South Africans have remembered the loss of the troopship SS Mendi, the worst maritime disaster in the country’s history, at memorials throughout the country and in the UK.
The sinking of the Mendi on 21 February 1917 is considered one of the worst maritime disasters off the British coast in the 20th Century and is commemorated by South African veterans in the UK, and places as far apart as Cape Town and Pretoria.
The Memorial Service in Atteridgeville, Pretoria, at the weekend, remembered the heroism of the British Merchant Navy sailors, soldiers and men of the 5th Battalion, South African Native Labour Corps (SANLC) who died.
Chairman of the Atteridgeville Branch of the South African Legion, Legionnaire Abel Sefolosha expressed his pleasure at the number of local people from Atteridgeville attending the service and encouraged the young people to use the example of the heroes of the past to build a foundation for their lives. He further called on people to respect one another.
The loss of life in the Mendi disaster was considered very high and caused a great shock, with the South African Parliament standing for a moment of silence to remember the great loss.
While most of the SANLC troops were from South Africa, there were also 26 from Lesotho, eight from Botswana and one each from Zimbabwe and Namibia, all of which were then British possessions. All South African soldiers in World War I fought as British Imperial troops, part of the South Africa Overseas Expeditionary Force.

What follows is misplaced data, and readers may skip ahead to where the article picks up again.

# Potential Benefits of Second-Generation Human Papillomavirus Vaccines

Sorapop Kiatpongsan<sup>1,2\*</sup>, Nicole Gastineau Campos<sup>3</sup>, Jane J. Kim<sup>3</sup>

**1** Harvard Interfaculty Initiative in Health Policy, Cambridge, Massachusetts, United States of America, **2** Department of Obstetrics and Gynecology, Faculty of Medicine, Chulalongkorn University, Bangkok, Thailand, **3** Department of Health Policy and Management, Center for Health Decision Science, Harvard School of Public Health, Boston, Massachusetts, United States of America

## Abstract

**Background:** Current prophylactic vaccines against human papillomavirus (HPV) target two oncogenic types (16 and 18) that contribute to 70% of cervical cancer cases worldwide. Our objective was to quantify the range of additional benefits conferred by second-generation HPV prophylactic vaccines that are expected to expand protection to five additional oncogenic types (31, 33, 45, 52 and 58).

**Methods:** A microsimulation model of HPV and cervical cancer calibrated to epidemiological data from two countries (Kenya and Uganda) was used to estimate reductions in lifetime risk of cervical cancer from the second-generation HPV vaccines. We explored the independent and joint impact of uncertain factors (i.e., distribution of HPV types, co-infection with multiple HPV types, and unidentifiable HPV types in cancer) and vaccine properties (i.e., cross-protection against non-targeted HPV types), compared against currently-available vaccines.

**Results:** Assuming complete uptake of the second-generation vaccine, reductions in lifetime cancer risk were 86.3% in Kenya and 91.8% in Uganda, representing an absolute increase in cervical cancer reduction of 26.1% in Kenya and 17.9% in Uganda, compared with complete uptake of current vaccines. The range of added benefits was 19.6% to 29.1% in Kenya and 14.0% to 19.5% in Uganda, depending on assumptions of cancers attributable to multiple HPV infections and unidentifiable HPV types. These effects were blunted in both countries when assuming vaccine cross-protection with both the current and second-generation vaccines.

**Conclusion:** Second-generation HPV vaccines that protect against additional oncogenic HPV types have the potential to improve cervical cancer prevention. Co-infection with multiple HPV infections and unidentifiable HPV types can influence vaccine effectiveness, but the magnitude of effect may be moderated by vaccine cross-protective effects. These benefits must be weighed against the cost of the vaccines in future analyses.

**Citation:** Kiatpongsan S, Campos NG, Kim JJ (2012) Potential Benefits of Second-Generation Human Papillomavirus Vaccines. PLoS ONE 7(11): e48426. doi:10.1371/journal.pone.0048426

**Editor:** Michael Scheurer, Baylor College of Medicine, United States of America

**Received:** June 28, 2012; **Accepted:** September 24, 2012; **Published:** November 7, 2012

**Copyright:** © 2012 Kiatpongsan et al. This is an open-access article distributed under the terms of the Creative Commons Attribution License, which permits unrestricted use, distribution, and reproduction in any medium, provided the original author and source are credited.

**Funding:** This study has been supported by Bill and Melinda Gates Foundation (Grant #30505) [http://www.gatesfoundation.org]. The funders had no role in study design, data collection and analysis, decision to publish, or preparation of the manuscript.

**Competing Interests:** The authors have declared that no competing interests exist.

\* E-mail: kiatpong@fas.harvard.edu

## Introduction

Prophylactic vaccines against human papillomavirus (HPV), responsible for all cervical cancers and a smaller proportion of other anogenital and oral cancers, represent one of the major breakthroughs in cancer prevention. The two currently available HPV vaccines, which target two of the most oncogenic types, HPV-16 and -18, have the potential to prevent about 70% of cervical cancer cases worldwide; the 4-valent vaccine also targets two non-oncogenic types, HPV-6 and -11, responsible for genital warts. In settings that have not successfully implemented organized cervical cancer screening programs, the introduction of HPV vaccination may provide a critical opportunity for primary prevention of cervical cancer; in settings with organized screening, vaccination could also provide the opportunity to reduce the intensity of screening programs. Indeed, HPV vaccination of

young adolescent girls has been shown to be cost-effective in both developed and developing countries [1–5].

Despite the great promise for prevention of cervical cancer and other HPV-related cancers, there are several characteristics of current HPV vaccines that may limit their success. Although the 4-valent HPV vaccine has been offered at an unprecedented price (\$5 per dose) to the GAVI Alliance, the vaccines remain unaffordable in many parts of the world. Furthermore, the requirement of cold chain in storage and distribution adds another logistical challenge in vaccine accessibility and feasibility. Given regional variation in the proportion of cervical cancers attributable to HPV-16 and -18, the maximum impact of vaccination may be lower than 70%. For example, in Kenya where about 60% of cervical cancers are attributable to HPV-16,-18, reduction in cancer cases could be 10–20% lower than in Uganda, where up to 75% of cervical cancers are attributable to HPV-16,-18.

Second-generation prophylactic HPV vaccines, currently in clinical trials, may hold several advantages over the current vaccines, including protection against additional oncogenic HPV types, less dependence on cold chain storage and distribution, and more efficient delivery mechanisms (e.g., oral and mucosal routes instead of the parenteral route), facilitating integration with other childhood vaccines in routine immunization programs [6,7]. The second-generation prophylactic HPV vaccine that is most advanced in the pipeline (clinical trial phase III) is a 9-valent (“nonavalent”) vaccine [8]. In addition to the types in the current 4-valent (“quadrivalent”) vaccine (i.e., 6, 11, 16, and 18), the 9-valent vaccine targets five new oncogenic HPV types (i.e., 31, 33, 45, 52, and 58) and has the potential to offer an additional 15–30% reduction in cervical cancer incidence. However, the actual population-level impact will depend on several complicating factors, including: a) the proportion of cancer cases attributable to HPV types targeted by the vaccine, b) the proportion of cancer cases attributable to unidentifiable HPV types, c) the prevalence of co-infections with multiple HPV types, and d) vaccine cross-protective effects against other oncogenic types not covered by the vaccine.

On the Mendi itself, according to the official (British) Board of Trade Report, the total crew was 89, including the Master (captain) and four officers. The total number of troops was 824, of whom five were officers, 17 were NCOs and 802 were SANLC troops.
Of the ship’s company, 30 died, including the 2nd and 3rd officers, two of the army officers, seven NCOs and 607 SANLC troops.
Hilary Page, the granddaughter of Lieutenant Samuel Emslie, who was one of the two army officers lost on the Mendi, has been active in raising awareness of the ship’s story. She told the Cape Times that he had the chance to be rescued, but had said: “No, I’m dying with these men.” She said her grandfather had recruited 100 soldiers to serve in the SANLC from the Eastern Cape, where he also came from.
Representatives of the Chiefs of the Army, Navy and Air Force and the Surgeon General as well as veterans organisations such as the Gunners’ Association laid wreaths to the strains of well-known tunes like the Lament and Danny Boy. The diplomatic corps was also represented, with some countries not often seen laying wreaths or planting crosses, including Kenya, Mali, Thailand, Brazil and Japan. Countries often present included Germany and the US.